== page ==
Puerto Vallarta Weather Report
Welcome to Puerto Vallarta's liveliest website!
Contact UsSearch
Why Vallarta?Vallarta WeddingsRestaurantsWeatherPhoto GalleriesToday's EventsMaps
 101 HOTTEST FOR 2007
Sign up NOW!

Free Newsletter!

Puerto Vallarta News NetworkVallarta Living | February 2009 

A Fish Catching Miracle in Mexico
email this pageprint this pageemail usBill Bell -

For more information, contact David Sanders at
I try not to write much about my other life: the life I have in the small Mexican coastal village of La Penita de Jaltemba, 60 kilometres north of Puerto Vallarta.

Still, once in a while this cynical and somewhat jaded 54-year-old ex politician/journalist/lobbyist (what an awful combination) comes across a human interest story that will bring a tear even to my eyes.

La Penita is located on the small Jaltemba Bay on the newly named Riviera Nayarit coast. Mexico is a strange land, and in the state of Nayarit some things just don't make sense to the thousands of Canadians and Americans who make this piece of paradise their winter home.

When you walk down the cobblestoned streets and peer in the open doorways you will find Mexican children that are well-loved, hugged, kissed and doted upon. Yet travel up into the Sierra Madres coastal mountains to the state capitol of Tepic and you will notice abandoned children scrounging the streets and landfills for anything of value. Much like the homeless now found in the US, they sleep under bridges and in abandoned buildings. The big difference here is these are children as young as four and five years old, many forced out on the street because they were physically and sexually abused.

Both the federal and state governments are trying to solve this problem, but they are a far cry from having the resources to keep all of these children off the street. Christian organizations have stepped up to the plate to offer a secular solution, such as the orphanage Casa de Niños.

Amazingly Casa de Niños was started 40 years ago by a prison minister, Dr. Frank Gonzales, who found young children living in the Tepic Prison.

"While ministering in the prison in Tepic in 1968, Gonzales saw several little boys among the inmates," said now director, Russ Krube. "When he questioned the warden, he was told that the boys were homeless street children. Since there was no children's home in the entire state of Nayarit, they had no choice but to put the boys in with the adult prisoners."

Today according to Krube, the orphanage handles between 22 and 35 abandoned and in most cases abused children. But even at that, because of resources, their screening process prevents helping the children that have become too hardened by the streets of Tepic.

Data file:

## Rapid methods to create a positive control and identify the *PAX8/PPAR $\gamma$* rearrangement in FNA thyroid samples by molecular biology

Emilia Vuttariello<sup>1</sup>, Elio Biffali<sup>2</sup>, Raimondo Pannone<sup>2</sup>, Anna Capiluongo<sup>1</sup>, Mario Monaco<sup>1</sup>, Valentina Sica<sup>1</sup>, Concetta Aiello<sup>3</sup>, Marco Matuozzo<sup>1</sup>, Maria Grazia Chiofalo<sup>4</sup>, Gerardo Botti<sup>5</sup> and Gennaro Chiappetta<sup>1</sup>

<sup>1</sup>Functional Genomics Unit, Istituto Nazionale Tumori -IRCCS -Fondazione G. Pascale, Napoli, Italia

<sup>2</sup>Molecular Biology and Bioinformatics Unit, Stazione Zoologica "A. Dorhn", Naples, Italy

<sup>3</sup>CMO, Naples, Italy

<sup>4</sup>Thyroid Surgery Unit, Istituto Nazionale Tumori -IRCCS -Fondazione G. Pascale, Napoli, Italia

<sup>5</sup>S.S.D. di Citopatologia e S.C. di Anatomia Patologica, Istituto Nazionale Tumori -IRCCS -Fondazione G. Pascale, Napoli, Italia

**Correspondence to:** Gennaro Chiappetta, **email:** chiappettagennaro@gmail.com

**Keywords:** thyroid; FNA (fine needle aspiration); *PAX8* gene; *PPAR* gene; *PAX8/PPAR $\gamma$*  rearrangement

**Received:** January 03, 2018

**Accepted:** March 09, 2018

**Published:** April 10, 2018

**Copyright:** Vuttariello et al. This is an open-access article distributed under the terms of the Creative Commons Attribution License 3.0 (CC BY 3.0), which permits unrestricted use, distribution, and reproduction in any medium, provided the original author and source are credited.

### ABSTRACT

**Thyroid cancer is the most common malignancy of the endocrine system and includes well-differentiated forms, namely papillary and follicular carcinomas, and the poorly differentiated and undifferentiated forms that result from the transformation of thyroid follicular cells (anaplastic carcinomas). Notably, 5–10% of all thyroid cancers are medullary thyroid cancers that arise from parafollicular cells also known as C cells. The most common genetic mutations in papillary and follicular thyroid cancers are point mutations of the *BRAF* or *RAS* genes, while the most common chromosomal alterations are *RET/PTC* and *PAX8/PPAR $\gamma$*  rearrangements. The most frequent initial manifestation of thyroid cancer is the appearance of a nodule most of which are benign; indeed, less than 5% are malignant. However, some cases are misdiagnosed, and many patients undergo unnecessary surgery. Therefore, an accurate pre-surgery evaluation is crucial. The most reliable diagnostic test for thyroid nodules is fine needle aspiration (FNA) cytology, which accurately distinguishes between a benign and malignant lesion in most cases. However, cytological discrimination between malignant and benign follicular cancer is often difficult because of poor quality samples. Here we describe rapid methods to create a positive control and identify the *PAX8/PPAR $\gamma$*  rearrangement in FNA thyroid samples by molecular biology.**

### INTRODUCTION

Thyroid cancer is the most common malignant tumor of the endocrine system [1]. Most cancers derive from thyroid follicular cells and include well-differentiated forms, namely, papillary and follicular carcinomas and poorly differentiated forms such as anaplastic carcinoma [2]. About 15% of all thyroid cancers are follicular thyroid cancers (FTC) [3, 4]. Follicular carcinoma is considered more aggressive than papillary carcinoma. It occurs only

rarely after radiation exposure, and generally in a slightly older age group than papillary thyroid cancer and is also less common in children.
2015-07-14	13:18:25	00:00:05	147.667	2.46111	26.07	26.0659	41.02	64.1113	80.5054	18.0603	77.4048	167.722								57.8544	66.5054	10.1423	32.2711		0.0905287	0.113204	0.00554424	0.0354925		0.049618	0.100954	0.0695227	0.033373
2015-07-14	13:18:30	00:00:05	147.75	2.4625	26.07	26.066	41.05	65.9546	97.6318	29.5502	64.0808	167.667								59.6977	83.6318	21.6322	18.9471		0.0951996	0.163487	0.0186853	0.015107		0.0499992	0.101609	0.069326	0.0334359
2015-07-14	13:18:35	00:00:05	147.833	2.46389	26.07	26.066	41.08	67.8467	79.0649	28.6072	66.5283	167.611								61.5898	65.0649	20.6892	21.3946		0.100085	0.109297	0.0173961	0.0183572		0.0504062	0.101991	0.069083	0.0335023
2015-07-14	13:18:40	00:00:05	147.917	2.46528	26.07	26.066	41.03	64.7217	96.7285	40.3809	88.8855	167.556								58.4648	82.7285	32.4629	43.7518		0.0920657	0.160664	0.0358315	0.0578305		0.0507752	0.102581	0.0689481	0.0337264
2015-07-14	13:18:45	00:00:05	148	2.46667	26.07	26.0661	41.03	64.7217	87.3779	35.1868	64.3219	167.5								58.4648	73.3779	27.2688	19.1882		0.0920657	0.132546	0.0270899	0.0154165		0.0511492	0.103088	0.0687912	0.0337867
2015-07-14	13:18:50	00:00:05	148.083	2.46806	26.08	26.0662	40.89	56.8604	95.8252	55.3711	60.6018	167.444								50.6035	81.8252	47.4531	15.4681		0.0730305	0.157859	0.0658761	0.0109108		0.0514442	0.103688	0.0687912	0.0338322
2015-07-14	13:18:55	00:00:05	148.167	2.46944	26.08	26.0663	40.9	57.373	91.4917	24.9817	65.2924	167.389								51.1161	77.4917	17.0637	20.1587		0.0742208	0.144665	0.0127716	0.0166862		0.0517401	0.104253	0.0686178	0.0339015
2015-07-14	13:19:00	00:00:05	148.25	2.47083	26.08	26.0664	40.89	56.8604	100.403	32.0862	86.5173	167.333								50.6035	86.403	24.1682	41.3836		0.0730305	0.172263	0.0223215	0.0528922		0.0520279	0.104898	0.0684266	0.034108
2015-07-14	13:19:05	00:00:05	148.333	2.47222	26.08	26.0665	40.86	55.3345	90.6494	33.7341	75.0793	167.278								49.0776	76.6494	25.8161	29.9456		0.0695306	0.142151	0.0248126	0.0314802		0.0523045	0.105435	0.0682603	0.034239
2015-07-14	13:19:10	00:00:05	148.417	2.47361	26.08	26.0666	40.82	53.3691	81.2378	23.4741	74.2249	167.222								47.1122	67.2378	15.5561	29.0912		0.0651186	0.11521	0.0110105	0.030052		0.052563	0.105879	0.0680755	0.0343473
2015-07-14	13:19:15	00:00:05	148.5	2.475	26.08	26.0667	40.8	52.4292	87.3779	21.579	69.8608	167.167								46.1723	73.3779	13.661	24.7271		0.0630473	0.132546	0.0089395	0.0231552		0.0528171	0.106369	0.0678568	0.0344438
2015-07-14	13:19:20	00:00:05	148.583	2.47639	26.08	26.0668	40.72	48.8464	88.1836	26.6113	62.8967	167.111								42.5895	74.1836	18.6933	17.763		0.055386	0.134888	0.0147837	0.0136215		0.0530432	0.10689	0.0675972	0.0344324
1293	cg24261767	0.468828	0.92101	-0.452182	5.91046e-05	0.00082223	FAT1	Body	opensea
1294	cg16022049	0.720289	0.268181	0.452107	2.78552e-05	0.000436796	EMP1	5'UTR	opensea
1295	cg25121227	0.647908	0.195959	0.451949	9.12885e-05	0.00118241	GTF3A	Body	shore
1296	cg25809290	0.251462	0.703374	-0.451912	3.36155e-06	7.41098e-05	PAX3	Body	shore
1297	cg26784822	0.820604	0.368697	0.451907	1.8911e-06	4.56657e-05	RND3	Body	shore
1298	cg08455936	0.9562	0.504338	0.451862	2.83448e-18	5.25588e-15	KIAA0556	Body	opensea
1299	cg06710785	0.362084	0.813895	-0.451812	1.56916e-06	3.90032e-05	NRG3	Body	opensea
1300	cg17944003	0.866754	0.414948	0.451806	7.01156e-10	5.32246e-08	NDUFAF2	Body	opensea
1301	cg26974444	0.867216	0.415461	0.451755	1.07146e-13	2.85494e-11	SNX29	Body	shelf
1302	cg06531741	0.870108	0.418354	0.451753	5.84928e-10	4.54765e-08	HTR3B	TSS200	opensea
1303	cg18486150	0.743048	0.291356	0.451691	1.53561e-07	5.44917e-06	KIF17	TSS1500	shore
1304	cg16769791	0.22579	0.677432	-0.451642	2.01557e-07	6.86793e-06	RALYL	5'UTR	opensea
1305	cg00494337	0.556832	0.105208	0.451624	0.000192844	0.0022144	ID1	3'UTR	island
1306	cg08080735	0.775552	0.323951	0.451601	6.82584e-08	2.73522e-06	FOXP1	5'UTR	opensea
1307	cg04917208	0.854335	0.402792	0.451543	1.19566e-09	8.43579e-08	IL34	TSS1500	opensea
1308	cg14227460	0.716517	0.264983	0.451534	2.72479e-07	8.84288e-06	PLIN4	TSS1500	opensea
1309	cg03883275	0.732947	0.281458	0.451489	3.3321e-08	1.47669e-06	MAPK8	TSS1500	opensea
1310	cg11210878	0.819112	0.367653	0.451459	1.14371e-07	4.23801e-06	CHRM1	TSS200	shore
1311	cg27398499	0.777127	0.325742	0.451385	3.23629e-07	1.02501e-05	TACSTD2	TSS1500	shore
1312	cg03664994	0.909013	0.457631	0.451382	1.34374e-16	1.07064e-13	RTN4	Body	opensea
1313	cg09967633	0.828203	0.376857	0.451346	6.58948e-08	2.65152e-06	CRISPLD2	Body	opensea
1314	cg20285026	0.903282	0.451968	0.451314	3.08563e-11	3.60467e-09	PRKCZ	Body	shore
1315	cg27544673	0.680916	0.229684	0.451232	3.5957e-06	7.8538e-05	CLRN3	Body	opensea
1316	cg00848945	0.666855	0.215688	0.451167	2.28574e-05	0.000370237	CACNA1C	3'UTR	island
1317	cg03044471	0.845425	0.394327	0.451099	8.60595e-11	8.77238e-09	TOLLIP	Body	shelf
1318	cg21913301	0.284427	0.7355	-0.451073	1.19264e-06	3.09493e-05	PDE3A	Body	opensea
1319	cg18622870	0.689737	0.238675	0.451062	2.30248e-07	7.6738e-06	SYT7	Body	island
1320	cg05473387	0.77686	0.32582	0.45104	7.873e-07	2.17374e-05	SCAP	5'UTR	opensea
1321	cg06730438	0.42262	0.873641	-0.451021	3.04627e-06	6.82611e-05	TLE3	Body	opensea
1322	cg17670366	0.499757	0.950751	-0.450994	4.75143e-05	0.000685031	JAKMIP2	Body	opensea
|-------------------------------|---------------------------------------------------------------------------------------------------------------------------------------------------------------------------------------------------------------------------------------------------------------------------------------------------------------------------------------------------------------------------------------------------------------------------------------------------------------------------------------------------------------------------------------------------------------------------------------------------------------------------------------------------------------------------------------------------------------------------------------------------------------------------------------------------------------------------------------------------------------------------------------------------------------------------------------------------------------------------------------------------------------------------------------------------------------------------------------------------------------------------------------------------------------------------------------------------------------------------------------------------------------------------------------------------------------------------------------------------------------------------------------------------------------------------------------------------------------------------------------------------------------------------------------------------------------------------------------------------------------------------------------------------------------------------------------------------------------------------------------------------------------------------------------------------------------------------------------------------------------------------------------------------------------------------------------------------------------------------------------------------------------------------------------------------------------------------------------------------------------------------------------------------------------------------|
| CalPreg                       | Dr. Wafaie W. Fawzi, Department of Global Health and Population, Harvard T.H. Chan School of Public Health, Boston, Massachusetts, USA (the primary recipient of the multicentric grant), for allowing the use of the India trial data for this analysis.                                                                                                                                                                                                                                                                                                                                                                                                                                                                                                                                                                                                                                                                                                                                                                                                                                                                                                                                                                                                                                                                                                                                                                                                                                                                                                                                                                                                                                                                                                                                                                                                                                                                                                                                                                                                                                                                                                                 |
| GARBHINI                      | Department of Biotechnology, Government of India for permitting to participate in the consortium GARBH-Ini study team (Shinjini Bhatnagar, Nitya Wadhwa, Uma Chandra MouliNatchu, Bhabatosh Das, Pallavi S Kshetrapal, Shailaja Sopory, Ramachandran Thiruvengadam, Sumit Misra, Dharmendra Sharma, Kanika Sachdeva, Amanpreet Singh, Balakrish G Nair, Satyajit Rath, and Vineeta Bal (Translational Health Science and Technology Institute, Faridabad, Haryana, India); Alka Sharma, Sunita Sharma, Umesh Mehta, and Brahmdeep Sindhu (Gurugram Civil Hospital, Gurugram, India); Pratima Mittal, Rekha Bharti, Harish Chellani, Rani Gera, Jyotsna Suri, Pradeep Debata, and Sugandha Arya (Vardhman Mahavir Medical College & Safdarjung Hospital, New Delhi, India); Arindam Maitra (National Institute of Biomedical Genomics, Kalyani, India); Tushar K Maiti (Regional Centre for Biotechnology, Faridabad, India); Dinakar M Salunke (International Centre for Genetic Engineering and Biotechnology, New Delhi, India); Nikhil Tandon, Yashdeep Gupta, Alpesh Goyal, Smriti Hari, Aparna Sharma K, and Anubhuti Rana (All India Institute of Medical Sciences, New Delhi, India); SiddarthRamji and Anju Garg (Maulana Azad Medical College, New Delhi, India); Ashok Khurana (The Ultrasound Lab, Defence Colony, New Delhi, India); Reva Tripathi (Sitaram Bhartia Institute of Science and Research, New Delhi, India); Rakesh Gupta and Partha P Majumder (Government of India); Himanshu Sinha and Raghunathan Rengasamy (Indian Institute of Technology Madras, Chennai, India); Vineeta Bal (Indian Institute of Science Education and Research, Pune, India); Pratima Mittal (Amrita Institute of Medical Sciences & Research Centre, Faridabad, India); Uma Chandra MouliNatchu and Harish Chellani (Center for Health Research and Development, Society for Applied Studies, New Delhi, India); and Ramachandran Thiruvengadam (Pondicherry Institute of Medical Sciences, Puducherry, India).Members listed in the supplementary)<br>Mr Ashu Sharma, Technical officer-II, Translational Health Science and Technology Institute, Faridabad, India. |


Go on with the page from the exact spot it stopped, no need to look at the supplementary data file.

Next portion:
"We are unable to equip and train our staff to handle the long-term street kids, or help as much as we should with the ones with special needs," Krube said, pointing to a young Mexican girl whose parents, living in the isolated surrounding mountains, never talked to her. "She is nine years old and she cannot speak either the Indian dialect or Spanish language properly. Our staff is not trained to handle that, but we do our best."

The orphanage offers primary schooling, beds and a kitchen and large playground. It is clean and well run, but upon a closer look one can see it is in desperate need of funding.

"We are always in need of something," Krube says pointing out the need for new beds, paint, computers and basic supplies. The list is long. "Our goal is to get the families back together, but that is not always possible. Children can spend their entire childhood here."

Funding comes from American and Canadian Christian organizations, but the most unusual method comes from an extraordinary man. Only in Mexico could an architect from Oregon build a bass fishing lodge as a means to fund an orphanage.

David Sanders came to Casa de Niños through his Christian organization as a volunteer to help. Once there, he realized he had to try and do something more than just a few weeks of handiwork.

Sanders came up with the concept of building a bass fishing lodge on the newly dammed Santiago River Aguamilpa located in a remote part of Nayarit just 60 kilometres northeast of Tepic. Avid bass fishermen from the United States and Canada would come, and 25 per cent of the proceeds would go towards the maintenance of the orphanage. He would name it the Fishinmission.

"This Mexican bass factory is best known for providing hours of non-stop bass-catching action that at times can be truly amazing. While double-digit bass are becoming more and more available in this relatively new reservoir - with the lake record well over 13 pounds - it is the sheer numbers of solid quality bass, (in the two to six pound range) that have given this lake its reputation," Sanders says proudly.

It has been an expensive process for Sanders, but he believes that his hard work will pay off and help give the orphanage the funding it needs to continue it good works.

Looking at the dramatic and inspiring views of the reservoir from the Palapa Lodge, one can see why Sanders would see God's hand directing his work here in Mexico

As for the fishing, we caught 49 bass in just under five hours.

You can reach Sanders at

In accordance with Title 17 U.S.C. Section 107, this material is distributed without profit to those who have expressed a prior interest in receiving
the included information for research and educational purposes • m3 © 2009 BanderasNews ® all rights reserved • carpe aestus